Kefir (pronounced /kəˈfɪər/ kə-FEER) is another digestive health superfood. Kefir is a traditional food that has long been touted for its healing properties in both European and Asian cultures. Recently, this powerhouse food has become more well researched to determine its specific nutritional qualities.
The primary mechanism by which kefir confers its gut healing potential is through the wide spectrum of microbiota or beneficial bacteria. These probiotics inoculate the gut to balance out any bad bacteria. Recent research has also shown that "the action of probiotics in the host is exerted by three mechanisms: modulation of the content of gut microbiota; maintenance of the integrity of the gut barrier and prevention of bacterial translocation; and modulation of the local immune response by the gut-associated immune system." (1)
Because kefir is a fermented food, the complete proteins in it are already partially digested, and are therefore more easily utilized by the body. Along with the rich protein sources, kefir is high in a variety of vitamins and minerals such as calcium, magnesium, Vitamin K2, thiamin, B12 and biotin - a B vitamin that helps the body assimilate other B vitamins.
If you want to opt for the convenience of store bought kefir, check out commercial brands Redwood Hill Farm’s Traditional Goat Kefir and Lifeway’s Organic Whole Milk Plain Kefir. Be sure to always opt for plain to avoid added sugars. If you are the adventurous type and would like to learn how to make your own homemade kefir, check out this recipe and tutorial.
Fermentation is a process which helps pre-digest foods and results in beneficial bacteria. Just as with kefir, fermented vegetables impart probiotics. The prebiotics and probiotic bacteria from fermentation can help to ease digestion and restore integrity to the gut lining.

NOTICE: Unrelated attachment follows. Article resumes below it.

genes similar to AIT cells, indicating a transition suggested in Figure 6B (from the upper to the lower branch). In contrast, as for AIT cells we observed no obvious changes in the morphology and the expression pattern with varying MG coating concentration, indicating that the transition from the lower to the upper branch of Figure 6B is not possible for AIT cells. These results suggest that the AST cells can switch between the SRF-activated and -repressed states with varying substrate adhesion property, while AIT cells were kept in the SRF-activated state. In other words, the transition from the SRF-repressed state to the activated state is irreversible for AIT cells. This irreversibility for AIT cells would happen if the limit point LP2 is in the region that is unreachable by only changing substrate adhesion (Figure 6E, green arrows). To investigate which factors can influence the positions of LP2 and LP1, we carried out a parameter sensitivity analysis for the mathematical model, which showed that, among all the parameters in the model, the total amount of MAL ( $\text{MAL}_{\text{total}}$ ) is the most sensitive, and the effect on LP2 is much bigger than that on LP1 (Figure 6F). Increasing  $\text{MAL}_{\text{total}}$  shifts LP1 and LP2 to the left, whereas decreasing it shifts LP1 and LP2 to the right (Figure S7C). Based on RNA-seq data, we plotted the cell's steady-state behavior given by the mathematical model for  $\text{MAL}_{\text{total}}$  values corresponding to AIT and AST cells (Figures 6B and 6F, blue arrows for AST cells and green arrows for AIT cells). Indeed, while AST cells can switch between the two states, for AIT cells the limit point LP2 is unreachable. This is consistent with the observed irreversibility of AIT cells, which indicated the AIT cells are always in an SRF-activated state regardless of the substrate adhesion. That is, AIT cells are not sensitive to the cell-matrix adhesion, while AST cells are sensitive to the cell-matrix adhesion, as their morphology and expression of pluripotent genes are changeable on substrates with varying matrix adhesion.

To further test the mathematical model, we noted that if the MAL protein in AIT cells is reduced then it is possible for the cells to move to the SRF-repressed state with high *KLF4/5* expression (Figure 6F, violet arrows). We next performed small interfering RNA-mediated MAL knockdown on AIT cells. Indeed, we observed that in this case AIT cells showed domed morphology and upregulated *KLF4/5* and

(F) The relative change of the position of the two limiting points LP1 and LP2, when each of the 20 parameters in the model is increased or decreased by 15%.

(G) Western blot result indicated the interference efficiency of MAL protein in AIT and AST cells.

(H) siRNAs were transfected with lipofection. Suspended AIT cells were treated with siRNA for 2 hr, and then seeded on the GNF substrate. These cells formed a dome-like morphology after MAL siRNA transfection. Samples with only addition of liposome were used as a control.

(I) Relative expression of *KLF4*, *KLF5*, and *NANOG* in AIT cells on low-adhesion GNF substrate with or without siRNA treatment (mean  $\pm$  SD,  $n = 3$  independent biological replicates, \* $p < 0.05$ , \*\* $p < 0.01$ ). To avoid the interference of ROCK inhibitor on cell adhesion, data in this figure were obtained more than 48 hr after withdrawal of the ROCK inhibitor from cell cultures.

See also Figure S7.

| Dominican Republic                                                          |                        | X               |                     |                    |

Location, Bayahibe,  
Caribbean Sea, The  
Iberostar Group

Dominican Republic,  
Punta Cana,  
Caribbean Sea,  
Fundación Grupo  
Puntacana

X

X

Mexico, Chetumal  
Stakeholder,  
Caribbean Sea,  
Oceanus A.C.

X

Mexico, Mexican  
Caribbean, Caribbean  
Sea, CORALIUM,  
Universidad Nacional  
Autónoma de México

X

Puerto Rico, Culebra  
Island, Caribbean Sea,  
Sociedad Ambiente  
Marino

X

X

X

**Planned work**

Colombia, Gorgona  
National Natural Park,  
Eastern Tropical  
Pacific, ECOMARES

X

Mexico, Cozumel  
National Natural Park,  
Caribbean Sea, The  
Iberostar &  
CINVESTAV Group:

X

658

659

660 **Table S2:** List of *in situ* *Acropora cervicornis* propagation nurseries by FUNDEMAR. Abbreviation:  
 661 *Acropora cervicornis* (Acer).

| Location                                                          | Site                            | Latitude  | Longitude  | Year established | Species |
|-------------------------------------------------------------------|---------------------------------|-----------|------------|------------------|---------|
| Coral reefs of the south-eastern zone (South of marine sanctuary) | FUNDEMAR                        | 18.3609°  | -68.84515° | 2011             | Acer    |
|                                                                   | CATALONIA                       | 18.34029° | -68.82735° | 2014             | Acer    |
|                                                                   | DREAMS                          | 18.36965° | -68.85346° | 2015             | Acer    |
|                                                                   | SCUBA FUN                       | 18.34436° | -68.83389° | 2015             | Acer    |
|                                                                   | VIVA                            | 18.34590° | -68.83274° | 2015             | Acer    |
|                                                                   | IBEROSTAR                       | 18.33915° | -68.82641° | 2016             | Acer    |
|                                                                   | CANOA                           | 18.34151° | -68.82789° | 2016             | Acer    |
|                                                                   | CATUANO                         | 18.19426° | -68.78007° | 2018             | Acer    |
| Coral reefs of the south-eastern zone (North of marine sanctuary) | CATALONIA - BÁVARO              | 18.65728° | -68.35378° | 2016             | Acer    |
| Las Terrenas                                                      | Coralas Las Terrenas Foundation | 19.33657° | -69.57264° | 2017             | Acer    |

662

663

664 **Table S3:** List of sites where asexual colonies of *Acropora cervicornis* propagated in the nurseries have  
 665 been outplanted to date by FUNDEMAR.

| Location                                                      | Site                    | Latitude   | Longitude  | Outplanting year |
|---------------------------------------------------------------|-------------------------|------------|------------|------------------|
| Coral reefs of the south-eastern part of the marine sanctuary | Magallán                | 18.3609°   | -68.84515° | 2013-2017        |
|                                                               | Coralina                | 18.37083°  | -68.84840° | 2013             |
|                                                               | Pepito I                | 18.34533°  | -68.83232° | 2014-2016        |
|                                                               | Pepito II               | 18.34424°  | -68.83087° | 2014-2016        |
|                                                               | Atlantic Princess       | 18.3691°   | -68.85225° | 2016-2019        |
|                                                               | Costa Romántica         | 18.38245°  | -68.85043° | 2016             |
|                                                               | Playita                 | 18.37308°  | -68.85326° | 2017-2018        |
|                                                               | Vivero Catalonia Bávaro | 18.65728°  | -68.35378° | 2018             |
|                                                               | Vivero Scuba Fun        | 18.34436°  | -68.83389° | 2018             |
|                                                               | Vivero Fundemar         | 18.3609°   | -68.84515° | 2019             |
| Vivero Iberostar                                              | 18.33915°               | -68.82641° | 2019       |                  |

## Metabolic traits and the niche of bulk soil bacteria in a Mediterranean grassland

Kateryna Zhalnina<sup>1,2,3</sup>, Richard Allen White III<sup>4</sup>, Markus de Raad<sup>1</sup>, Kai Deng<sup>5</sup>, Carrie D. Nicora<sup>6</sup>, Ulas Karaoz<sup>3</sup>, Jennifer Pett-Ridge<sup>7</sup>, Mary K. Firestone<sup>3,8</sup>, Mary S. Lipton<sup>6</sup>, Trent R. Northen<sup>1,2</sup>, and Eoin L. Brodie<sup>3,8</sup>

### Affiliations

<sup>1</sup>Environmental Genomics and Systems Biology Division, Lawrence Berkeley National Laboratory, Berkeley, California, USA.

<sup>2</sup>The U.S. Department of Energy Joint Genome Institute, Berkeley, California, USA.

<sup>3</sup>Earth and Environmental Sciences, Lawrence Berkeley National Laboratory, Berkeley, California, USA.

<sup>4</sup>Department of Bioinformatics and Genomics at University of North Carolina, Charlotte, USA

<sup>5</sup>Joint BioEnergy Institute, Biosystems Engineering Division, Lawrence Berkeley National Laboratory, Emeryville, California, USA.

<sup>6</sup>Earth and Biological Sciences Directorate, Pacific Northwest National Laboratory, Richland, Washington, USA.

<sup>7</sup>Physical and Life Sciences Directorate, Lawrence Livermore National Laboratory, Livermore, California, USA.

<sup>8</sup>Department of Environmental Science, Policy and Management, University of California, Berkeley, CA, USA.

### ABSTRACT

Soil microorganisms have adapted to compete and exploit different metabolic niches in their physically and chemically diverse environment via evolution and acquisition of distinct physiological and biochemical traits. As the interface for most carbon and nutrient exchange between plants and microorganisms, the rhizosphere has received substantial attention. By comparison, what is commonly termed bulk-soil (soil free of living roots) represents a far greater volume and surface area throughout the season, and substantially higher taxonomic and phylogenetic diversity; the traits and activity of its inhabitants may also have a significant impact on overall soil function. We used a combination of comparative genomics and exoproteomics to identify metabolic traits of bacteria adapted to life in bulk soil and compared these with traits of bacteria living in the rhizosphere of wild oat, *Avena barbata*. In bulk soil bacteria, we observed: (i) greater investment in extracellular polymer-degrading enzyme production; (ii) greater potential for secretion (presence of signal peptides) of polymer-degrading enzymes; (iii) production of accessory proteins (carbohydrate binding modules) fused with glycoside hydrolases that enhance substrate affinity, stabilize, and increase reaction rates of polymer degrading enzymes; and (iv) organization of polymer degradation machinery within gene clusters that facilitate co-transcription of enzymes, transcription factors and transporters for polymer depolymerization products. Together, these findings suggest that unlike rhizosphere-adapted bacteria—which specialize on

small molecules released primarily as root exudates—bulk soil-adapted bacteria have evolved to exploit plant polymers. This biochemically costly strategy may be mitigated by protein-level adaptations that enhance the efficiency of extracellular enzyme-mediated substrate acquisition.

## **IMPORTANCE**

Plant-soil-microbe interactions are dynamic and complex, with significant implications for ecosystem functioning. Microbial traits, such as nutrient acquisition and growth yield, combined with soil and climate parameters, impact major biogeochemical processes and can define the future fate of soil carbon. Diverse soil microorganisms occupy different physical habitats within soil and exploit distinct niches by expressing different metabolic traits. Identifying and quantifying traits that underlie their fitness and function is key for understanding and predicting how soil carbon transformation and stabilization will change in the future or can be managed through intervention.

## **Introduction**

In addition, fermented veggies provide a good dietary source of fiber. While soluble fiber can be great for the gut, some with inflamed guts may not handle or do very well with insoluble fiber in the diet. Fortunately, the fermentation process creates that initial breakdown process making fermented vegetables more well-tolerated.
Vital Choice offers a fantastic line of fermented vegetables that includes kimchi, sauerkraut, beets, and daikon; you can select them individually or choose a sampler pack!
*NOTE - Fiber may not always be beneficial depending on your specific digestive condition and in some cases (such as bacterial overgrowth or yeast/candida) may even exacerbate it. For more info on the impact of fiber on digestion check out this great article by Integrative Health Practitioner Chris Kresser.
When you opt to include these new foods, or any new foods for that matter, be sure to first determine the true nature of your digestive condition and then when incorporating anything new, note your body's reaction with a basic food log. Look for signs of increased symptoms such as bloating, gas, diarrhea, constipation, brain fog, or generally not feeling well. If you experience adverse reactions, remove that food for the time-being while your gut continues to heal. You may be able to later reintroduce the food again after several weeks/months.
Do you know what's going on in your gut? Want to find out? Schedule a FREE 15-minute phone consultation TODAY to get insight and answer into your health challenges and learn more about how Functional Diagnostic Nutrition and our gut testing/healing protocols can help you.